To offer an example of how far subdivision could go, Jeremias showed an example of a simple 48-polygon mesh. The next image showed the polygon after a round of subdivision, looking much cleaner, and sporting 384 polygons. After another round, the shape had smoothed out completely, but the cost was a mesh with over 1.5 million polygons. Jeremias noted that these subdivisions are most noticeable at contact points between two models, and especially on a character’s fingertips.

Pixar relies on subdivision so much that the company built its own subdivision engine, OpenSubDiv. It’s based off Pixar’s original RenderMan libraries, but features a much broader API. It’s designed with USD in mind, as well, for easy integration into the workflow.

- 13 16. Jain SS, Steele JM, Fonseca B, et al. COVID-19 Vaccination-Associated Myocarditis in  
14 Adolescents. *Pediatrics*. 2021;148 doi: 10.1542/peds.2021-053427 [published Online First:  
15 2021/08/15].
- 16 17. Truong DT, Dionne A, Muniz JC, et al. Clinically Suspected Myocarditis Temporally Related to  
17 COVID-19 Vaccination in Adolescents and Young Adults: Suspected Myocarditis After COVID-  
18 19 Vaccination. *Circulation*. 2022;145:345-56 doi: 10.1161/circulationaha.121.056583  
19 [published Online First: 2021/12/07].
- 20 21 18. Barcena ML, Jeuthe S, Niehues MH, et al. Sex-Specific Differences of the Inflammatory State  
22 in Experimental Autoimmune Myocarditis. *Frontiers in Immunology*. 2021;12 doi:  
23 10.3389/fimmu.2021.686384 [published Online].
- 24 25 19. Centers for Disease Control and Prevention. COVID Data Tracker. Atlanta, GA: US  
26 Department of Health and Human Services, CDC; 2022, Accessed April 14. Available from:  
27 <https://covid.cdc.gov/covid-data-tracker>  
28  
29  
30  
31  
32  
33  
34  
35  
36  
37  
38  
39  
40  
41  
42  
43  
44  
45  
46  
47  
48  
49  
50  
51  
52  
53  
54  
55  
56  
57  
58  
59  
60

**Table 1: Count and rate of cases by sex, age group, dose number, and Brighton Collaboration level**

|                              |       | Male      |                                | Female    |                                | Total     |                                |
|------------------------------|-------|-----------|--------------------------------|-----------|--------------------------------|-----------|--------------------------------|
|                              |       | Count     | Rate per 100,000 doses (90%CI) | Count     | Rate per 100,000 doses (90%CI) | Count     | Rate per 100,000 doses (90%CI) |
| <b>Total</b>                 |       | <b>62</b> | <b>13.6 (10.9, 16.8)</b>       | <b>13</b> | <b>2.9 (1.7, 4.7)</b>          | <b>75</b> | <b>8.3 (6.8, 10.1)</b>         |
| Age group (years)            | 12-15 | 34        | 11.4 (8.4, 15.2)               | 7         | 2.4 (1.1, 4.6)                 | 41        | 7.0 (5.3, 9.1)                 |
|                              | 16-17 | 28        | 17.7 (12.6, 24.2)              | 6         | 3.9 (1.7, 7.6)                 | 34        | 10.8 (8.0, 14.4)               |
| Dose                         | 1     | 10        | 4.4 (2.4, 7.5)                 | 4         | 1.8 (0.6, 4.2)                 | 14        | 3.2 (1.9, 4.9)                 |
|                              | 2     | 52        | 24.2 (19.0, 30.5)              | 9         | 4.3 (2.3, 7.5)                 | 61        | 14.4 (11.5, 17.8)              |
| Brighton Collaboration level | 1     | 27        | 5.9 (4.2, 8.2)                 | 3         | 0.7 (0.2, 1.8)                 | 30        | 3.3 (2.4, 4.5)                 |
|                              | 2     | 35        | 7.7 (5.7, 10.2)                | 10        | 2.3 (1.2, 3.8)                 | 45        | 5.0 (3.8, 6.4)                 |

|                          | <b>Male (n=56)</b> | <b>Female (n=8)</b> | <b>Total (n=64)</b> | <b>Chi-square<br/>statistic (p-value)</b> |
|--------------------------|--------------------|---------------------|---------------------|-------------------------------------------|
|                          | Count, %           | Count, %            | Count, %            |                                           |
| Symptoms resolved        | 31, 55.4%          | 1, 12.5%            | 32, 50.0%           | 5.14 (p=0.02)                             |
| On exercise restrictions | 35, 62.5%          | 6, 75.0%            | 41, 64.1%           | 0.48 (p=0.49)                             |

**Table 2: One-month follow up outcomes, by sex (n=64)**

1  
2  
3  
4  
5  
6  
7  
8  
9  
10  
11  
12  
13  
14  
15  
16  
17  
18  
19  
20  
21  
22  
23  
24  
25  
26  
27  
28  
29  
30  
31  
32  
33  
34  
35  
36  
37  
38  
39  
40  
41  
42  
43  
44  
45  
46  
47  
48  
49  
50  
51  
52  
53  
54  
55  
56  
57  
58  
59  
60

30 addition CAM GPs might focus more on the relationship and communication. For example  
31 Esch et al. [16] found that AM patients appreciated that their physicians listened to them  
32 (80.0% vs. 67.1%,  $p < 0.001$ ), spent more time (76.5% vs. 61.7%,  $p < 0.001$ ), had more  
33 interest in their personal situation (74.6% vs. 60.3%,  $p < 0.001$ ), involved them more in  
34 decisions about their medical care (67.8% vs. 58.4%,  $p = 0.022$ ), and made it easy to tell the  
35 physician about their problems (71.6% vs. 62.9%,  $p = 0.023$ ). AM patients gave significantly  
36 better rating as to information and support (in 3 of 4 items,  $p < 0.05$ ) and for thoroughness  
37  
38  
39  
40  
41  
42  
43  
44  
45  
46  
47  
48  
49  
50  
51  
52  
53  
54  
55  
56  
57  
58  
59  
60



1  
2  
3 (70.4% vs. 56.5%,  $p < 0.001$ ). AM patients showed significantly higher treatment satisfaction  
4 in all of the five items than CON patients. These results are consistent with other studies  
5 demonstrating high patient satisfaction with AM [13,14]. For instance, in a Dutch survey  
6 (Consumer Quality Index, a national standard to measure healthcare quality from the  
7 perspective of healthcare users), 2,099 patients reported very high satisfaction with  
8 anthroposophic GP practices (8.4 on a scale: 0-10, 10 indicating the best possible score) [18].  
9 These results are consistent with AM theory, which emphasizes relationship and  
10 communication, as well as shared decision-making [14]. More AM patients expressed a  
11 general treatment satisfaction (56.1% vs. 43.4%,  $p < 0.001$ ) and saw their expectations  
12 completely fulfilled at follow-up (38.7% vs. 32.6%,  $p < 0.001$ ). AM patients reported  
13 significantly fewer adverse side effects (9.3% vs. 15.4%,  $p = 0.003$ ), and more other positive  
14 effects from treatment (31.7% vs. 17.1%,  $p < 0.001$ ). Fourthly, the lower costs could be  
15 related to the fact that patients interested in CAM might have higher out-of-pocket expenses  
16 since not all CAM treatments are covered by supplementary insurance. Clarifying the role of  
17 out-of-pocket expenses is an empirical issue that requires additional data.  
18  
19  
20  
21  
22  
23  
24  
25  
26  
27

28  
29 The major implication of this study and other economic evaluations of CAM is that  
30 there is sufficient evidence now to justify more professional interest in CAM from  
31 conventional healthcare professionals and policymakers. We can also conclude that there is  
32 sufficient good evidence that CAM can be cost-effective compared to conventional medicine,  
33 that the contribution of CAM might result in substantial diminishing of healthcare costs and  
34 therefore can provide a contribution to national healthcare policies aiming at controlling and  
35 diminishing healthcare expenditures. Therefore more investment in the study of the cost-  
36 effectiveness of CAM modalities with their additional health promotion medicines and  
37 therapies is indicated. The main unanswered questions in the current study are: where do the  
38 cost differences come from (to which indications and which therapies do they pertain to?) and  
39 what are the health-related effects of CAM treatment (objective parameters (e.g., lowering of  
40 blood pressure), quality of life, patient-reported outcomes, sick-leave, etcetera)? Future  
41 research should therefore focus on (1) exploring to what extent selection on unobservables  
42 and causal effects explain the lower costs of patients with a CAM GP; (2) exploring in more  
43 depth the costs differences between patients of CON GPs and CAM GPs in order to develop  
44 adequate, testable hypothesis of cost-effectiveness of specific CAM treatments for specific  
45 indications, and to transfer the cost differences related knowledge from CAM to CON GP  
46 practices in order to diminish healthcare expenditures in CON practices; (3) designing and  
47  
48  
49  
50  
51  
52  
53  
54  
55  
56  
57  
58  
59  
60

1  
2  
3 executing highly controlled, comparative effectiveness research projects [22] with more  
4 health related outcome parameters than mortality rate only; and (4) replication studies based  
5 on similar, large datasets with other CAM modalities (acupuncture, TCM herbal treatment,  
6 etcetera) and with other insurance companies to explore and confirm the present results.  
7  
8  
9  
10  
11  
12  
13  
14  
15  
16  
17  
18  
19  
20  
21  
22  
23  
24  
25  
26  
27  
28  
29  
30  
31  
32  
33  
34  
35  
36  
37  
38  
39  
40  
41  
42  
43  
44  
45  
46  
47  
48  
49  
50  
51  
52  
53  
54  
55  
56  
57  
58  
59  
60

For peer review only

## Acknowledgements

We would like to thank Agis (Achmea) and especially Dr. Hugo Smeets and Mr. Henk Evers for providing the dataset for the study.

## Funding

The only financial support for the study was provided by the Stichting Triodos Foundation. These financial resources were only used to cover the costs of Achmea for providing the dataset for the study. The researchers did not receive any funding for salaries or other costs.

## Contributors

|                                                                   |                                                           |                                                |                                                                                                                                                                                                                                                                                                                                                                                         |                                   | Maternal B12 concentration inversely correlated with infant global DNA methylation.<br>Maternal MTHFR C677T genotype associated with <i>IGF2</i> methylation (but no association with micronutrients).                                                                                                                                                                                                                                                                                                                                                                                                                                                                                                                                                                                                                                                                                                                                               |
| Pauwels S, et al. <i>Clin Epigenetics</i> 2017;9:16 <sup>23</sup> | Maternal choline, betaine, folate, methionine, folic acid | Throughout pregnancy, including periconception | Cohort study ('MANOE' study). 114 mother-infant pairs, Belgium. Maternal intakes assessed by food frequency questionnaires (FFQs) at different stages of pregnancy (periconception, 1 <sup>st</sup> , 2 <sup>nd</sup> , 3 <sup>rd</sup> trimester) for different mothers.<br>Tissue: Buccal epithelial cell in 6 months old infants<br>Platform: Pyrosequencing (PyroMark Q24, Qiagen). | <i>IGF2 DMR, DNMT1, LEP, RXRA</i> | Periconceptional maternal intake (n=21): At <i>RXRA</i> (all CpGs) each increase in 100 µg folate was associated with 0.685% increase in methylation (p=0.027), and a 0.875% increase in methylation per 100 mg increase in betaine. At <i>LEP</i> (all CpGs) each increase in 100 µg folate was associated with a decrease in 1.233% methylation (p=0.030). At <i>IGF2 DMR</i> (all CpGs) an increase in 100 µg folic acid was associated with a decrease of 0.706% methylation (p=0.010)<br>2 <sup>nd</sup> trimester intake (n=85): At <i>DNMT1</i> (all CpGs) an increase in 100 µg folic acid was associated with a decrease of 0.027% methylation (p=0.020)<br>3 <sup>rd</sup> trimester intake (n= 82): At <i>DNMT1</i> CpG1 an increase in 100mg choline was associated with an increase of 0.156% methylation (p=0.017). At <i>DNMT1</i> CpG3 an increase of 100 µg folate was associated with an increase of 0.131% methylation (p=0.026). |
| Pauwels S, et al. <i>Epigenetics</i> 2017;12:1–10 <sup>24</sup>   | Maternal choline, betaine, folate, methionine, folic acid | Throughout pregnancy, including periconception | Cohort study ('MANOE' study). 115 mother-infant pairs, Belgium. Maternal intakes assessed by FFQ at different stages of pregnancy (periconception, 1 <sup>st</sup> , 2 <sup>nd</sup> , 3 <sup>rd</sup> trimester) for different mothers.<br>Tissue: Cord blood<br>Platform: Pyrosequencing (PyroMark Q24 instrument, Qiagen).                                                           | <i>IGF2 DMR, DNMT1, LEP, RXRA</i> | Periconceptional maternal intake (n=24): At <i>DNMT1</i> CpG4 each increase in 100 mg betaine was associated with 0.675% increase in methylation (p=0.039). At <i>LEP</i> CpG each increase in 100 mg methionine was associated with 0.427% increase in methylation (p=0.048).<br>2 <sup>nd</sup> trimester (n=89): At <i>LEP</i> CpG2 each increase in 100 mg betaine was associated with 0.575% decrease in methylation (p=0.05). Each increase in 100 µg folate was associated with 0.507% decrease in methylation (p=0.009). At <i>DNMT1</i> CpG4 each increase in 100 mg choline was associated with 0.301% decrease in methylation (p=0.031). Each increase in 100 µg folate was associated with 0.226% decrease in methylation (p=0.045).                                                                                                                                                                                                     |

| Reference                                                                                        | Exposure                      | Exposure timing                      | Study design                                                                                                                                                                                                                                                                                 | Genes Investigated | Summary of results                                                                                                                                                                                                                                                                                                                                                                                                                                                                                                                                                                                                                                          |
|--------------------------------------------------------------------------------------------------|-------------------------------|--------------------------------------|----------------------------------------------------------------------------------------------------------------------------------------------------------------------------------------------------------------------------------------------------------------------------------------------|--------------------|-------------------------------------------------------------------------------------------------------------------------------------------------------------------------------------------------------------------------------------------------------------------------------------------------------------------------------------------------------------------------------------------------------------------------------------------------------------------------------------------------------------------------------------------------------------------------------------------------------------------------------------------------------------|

Summoning the Hydra

If you want to see how those elements are adding up without having to render a final scene, Hydra is the answer. It’s Pixar’s real-time rendering engine, built on top of OpenGL 4.4. Importantly, it’s built specifically for feature-length film production, and it’s built for speed.

Textures were sharp, animation was clean, and reflections were accurate and realistic.

It’s not an end-all be-all solution for final rendering, but it can help bring together a lot of effects and details for a more accurate representation of what a scene will look like than USDView can provide. It also supports features like hardware tessellated curves, highlighting, and hardware instance management.

Even other effects and media companies have been working with Pixar to integrate Hydra into their workflow. Industrial Light and Magic, the special effects company behind the Star Wars films, has built a hybrid version of its software that’s built around Pixar’s technology. In the case of the Millennium Falcon, that means 14,500 meshes and 140 textures at 8K each — no small feat, even for extreme workstations.